I am one of those writers that harbours a secret fear that someone, somehow will discover what has been recently entered into my search engine. Mostly because, well, it’s a little bit scary.

While researching 911 calls and transcripts for a murder mystery I am crafting, I stumbled upon a website dedicated to statement analysis. In short, statement analysis is determining if a person is lying or telling the truth by analyzing the subject’s use of language in 911 calls, police interrogations, news coverage interviews and courtroom testimony.

I know what you are thinking — pseudoscience. Okay. Okay. I’ll give you that. There’s a huge error of margin in this due to nerves, verbal ticks, shock, habits and cultural or interpersonal differences. You can take it or leave it.

Deception Red Flags in Toastmaster SpeechesAs a Toastmaster, I find it fascinating how our choice of words (including the number three) may have the opposite impact upon our audience as we intended.

As we learned in Project 4 “How to Say It” of our Competent Communication manual, “words are powerful. They convey your message and influence the audience and its perception of you. Word choice and arrangement need just as much attention as a speech organization and purpose.”

According to Mark McClish, a retired Deputy United States Marshal with 26 years of federal law enforcement experience, on his website ( “people’s words will betray them . . . The key is to listen to what people are telling you and to know what to look for in a statement.”

What are the deception red flags? Here are a few things McClish and statement analysts look for when seeking signs of untruthfulness:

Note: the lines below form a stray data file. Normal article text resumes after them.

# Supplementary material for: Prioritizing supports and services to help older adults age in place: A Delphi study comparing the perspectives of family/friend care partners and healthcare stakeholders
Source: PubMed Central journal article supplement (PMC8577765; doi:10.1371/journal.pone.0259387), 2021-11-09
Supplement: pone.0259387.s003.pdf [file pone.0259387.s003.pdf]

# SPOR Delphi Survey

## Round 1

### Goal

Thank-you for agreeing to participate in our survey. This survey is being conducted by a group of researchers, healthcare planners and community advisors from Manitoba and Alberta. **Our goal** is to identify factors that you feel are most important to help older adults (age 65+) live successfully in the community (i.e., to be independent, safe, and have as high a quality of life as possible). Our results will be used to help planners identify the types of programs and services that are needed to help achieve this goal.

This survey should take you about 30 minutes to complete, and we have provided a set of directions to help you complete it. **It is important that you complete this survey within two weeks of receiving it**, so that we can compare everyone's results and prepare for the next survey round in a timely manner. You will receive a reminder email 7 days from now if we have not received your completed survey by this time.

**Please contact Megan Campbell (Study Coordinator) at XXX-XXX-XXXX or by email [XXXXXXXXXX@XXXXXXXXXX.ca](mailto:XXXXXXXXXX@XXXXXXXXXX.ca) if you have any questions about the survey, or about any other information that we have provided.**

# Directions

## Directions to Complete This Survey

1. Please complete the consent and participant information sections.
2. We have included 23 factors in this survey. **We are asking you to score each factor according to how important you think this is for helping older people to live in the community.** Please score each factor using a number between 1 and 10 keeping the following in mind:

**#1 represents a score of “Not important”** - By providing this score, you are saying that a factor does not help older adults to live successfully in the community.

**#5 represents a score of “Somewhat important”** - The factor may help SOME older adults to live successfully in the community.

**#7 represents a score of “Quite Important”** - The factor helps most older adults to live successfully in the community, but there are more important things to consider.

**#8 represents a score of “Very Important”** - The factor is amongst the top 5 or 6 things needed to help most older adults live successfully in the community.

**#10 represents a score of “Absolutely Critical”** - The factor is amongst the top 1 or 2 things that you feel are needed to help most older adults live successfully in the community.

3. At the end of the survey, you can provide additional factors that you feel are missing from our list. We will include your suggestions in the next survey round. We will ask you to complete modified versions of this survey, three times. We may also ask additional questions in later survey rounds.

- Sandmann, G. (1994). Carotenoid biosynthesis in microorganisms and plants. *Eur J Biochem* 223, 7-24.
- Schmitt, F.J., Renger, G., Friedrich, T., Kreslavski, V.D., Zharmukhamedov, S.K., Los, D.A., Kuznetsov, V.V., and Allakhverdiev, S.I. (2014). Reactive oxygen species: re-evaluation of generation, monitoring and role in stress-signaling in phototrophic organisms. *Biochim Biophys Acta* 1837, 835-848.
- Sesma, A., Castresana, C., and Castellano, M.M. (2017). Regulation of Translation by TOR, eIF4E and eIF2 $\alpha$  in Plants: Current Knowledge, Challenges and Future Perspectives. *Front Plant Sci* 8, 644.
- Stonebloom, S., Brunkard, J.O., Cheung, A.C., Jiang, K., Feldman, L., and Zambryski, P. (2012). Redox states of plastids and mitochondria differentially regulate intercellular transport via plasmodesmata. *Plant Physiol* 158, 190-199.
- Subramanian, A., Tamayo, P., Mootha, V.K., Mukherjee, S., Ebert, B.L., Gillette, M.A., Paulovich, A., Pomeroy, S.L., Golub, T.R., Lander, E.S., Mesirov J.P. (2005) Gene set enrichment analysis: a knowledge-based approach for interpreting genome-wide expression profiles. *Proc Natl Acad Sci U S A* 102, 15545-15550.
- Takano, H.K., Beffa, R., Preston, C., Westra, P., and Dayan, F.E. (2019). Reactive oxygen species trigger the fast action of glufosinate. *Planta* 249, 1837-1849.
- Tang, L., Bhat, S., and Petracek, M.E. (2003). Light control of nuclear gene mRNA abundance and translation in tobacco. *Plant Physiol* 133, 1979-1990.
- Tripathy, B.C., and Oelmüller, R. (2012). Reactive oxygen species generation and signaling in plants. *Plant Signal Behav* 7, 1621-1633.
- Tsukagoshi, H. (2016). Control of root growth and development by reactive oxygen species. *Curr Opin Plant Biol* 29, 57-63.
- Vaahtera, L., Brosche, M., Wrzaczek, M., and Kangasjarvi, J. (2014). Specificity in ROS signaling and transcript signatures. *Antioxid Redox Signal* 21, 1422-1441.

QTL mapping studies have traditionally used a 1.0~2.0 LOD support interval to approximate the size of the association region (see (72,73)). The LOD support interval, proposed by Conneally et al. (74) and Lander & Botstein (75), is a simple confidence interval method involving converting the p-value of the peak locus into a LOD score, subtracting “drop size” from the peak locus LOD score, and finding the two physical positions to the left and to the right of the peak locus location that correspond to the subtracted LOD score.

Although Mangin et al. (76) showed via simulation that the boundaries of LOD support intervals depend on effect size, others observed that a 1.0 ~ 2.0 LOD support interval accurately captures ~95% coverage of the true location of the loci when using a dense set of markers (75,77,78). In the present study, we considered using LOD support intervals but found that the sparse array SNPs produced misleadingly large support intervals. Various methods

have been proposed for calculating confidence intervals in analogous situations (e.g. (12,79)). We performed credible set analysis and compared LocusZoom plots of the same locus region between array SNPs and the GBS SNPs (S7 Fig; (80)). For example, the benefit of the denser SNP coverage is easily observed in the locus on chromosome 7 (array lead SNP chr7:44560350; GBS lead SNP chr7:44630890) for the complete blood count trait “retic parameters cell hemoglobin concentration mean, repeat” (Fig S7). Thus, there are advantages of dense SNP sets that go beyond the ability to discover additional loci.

The Number Three
According to McClish, “I have found that when deceptive people have to come up with a number they will often use the number three . . . (It) has become known as the “liar’s number.”

Story Breakdown

When a person is describing an incident his story will be comprised of three segments: What the person was doing BEFORE the incident; what they were doing DURING; and what they did AFTER.

Truthful stories will generally follow a pattern of 25/50/25 (before/during/after). However, deceptive stories, according to McClish, have a ratio of 35/50/15. They need to set the stage for their tale while trying to work out the details for the conclusion.

Question with a Question
When someone answers a question with a question (or even repeating the question), this is a stall tactic, as we know from Table Topics.

“Really”/ “Very”
The use of “really” as a descriptor can be deceptive for it is trying to add importance, stretch a particular area. “I hit him really, really hard.” Over emphasis without substance.

“You Know”
According to McClish, deceptive people use this phrase to tell you that “you know this.” They expect you take for granted what they are saying is the truth. However, if the phrase occurs a lot, it is a speech pattern.

Non-Committal Words
Words or phrases such as: “kind of,” “I think,” “I thought,” “I don’t know,” “about,” “like” and “sort of.” These distant the speaker from the event or his participation. Trying to recall but not really a part of. Not to blame.

In short, use clear, simple, vivid and forceful words that add excitement to your presentation while utilizing good grammar and pronunciation. Use concrete, specific words that communicate what you mean and simple statements that are easy to understand.  Avoid the red flags of deception.

Happy writing!